Vladimir Putin sailed to victory in Russia’s presidential election on Sunday. He secured a fourth term in office with 77% of the vote. The result was hardly a surprise. Putin’s grip on power in Russia is ironclad and he faced no serious challengers in the campaign. The election was hardly fair, by Western standards, and has been described by some people as a sham. Even Edward Snowden was critical of the election results in his adopted homeland. It will be interesting to see how the Kremlin reacts to his criticism.
As tradition dictates, many world leaders have sent formal congratulations, and spoke of desires to work together with Moscow on common issues. Behind the polite façade of diplospeak, there is less of a consensus about Putin and future relations with Russia. In Europe, many leaders and political parties are wary of Russia’s ambitions, and view Putin as a growing threat. Nations that were formerly part of the Soviet Union, or under the thumb of Moscow during the Cold War make up the bulk of this group. Other European nations, mainly EU member-states in Central and Western Europe, are less critical. From Brussels to Berlin the priority has been to repair relations between Russia and the West. Germany has led the repair effort in recent years, though Angela Merkel has little to show for it. EU sanctions against Russia remain in place but they have not persuaded Putin to cooperate on the Ukrainian issue or any of the other matters simmering between Russia and the West.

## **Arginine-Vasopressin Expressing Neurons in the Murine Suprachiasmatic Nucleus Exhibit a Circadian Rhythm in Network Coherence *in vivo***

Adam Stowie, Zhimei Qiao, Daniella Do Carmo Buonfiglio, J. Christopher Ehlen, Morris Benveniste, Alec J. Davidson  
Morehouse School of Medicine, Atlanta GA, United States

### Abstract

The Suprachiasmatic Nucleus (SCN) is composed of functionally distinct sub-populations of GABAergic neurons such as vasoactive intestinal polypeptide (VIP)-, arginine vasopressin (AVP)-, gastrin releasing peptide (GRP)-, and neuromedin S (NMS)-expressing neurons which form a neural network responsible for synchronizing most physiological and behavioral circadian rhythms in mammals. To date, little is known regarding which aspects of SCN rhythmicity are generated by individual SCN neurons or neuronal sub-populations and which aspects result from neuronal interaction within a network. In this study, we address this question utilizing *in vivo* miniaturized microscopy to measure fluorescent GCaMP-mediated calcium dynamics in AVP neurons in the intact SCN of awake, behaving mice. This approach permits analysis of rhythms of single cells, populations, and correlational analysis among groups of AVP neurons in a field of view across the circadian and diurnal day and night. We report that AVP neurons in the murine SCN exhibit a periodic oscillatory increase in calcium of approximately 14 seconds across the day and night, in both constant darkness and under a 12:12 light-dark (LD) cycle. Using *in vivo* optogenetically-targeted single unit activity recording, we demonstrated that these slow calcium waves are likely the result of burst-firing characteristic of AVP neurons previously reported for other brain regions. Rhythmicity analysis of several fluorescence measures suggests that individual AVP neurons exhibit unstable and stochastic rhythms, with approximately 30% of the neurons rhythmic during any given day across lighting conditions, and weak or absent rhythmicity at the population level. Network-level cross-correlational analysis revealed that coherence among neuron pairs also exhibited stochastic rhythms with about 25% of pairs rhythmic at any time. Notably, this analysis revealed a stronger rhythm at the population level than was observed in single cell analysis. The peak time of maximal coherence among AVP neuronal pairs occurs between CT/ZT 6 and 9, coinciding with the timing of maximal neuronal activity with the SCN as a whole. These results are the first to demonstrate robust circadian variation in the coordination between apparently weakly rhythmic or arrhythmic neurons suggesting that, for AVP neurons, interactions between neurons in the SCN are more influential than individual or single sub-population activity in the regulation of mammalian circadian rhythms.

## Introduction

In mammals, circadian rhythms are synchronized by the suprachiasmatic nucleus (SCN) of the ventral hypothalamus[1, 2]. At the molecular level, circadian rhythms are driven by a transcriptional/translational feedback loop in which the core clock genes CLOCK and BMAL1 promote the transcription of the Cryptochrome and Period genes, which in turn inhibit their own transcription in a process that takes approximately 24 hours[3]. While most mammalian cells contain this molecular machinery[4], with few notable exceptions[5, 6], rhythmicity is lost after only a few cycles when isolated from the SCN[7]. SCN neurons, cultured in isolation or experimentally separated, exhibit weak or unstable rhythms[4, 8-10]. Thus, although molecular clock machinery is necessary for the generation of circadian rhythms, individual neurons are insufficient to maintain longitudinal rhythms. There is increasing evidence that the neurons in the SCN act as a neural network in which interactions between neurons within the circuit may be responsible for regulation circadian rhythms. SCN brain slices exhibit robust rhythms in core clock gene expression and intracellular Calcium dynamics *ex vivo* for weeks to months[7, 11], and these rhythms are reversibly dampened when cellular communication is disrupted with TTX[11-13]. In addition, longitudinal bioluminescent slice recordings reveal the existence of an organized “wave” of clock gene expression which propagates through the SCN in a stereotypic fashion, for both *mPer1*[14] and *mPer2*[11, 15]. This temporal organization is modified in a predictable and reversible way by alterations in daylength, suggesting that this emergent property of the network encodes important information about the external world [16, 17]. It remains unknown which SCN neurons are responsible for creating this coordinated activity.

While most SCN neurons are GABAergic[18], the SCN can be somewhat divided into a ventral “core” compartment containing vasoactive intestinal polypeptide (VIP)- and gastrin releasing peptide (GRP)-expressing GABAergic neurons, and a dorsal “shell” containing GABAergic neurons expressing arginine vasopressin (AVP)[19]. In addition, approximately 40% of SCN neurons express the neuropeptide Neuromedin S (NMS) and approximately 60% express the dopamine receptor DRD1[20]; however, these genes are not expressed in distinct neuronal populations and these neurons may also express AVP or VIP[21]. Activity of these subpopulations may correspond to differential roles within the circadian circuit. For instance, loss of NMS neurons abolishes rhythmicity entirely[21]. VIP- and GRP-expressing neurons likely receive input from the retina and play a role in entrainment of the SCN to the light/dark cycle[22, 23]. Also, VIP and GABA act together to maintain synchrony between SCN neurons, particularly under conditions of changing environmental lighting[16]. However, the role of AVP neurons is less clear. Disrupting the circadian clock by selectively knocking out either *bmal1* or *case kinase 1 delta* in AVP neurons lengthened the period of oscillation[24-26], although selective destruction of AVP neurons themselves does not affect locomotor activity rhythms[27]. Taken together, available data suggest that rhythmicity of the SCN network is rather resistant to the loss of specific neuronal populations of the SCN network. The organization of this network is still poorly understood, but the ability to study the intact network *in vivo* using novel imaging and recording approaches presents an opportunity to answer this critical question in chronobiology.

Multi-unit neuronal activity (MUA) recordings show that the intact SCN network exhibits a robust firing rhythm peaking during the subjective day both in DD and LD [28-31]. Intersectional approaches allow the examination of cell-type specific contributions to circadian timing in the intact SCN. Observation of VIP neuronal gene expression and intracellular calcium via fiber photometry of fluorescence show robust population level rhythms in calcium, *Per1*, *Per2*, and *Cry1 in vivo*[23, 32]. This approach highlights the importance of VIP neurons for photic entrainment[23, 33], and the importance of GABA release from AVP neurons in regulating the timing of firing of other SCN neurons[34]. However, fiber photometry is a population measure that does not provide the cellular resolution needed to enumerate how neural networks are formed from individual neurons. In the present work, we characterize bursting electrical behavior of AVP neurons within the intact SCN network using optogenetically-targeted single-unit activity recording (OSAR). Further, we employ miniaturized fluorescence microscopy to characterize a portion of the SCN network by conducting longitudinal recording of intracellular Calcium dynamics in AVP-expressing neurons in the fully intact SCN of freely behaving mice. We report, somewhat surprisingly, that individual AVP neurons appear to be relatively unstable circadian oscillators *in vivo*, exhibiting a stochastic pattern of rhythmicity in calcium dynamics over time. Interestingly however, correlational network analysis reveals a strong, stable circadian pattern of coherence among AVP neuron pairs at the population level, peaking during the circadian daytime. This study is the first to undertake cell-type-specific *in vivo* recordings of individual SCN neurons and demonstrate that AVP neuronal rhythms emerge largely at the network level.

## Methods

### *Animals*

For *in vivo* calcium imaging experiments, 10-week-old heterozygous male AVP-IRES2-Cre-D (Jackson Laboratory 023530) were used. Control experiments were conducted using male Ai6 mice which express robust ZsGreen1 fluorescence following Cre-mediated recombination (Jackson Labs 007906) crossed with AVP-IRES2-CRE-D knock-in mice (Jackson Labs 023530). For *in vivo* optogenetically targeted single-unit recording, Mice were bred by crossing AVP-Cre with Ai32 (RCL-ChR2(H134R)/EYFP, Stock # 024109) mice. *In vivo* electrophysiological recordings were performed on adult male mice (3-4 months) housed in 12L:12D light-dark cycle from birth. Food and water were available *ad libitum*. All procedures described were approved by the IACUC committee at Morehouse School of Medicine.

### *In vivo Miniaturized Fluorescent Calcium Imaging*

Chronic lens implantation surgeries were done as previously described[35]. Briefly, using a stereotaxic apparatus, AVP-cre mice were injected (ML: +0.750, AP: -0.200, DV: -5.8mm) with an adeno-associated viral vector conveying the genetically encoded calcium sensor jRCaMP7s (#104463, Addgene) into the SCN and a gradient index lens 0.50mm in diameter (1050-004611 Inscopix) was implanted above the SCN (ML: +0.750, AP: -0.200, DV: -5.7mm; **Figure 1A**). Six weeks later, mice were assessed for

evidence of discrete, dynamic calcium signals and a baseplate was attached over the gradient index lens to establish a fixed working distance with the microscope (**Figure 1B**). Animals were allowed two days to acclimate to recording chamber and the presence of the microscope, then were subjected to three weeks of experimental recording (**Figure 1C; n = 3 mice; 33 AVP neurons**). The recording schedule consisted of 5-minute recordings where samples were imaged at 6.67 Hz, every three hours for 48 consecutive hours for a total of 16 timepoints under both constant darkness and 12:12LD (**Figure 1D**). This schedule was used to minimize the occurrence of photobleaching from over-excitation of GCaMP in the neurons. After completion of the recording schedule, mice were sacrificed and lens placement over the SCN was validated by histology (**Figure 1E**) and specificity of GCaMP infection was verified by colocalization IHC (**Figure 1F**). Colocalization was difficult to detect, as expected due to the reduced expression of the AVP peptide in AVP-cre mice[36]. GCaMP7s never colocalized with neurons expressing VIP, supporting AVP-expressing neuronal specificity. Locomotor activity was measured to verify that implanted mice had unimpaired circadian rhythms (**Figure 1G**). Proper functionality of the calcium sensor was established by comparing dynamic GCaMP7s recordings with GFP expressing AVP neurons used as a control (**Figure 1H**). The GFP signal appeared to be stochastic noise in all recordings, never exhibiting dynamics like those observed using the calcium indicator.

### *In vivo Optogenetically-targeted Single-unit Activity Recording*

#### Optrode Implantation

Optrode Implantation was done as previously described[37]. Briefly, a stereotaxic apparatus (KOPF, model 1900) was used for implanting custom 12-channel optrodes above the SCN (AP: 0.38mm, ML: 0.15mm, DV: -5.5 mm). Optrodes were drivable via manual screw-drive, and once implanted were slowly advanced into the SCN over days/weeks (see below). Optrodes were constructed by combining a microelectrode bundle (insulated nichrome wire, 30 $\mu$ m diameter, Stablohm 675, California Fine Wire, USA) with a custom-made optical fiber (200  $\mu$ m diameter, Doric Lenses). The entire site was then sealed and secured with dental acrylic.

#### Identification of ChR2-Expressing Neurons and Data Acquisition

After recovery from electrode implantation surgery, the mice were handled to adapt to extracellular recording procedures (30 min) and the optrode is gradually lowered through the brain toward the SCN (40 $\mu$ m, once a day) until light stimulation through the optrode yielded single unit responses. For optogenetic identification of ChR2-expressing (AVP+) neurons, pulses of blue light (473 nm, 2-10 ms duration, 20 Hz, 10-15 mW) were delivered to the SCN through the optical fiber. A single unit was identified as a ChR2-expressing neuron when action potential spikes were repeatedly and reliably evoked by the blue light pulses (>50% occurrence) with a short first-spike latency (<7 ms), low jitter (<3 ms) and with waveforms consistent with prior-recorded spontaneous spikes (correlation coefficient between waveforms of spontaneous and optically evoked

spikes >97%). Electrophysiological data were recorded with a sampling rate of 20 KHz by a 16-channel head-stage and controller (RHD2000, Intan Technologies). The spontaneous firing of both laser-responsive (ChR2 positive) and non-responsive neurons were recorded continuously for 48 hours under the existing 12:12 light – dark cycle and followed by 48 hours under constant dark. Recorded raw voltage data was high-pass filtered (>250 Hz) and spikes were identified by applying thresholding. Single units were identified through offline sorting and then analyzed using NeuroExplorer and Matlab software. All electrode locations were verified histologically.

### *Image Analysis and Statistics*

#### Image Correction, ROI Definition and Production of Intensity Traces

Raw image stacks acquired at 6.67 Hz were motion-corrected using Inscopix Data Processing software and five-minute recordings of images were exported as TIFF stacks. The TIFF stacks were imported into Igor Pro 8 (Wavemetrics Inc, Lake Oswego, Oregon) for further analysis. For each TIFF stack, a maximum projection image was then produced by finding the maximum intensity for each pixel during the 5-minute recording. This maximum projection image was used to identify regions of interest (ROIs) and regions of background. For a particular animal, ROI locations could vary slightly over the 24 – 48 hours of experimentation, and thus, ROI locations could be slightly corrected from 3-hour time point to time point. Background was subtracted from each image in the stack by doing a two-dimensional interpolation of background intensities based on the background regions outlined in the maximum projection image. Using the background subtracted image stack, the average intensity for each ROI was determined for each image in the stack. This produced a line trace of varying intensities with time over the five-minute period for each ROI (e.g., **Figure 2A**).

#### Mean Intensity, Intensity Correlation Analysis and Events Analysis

The current diplomatic crisis between Russia and the United Kingdom over the use of a nerve agent against a former Russian spy and his daughter on British soil will affect relations between Europe and Russia in one form or another. The EU is standing beside Britain in calls for Russia to disclose its development of Novichok, the agent used. The United States joined the leaders of France, Great Britain, and Germany in condemning the use of a nerve agent on British soil, and agreeing Russia was the party responsible for the attack. London expelled 23 Russian diplomats and Moscow mirrored the move a short time afterward, expelling 23 British diplomats from Russia. Tensions remain high, with Russia denying it had anything to do with the attack.
With the election behind him now, Putin might be looking to use the crisis with England to his advantage. Russia could use a victory of some type. In Syria, and Russia it appears to be mired in military and diplomatic stalemate, with no change in sight. It’s unclear exactly how Putin can turn the current issue to his advantage, but if anyone can bring it about, it’s him.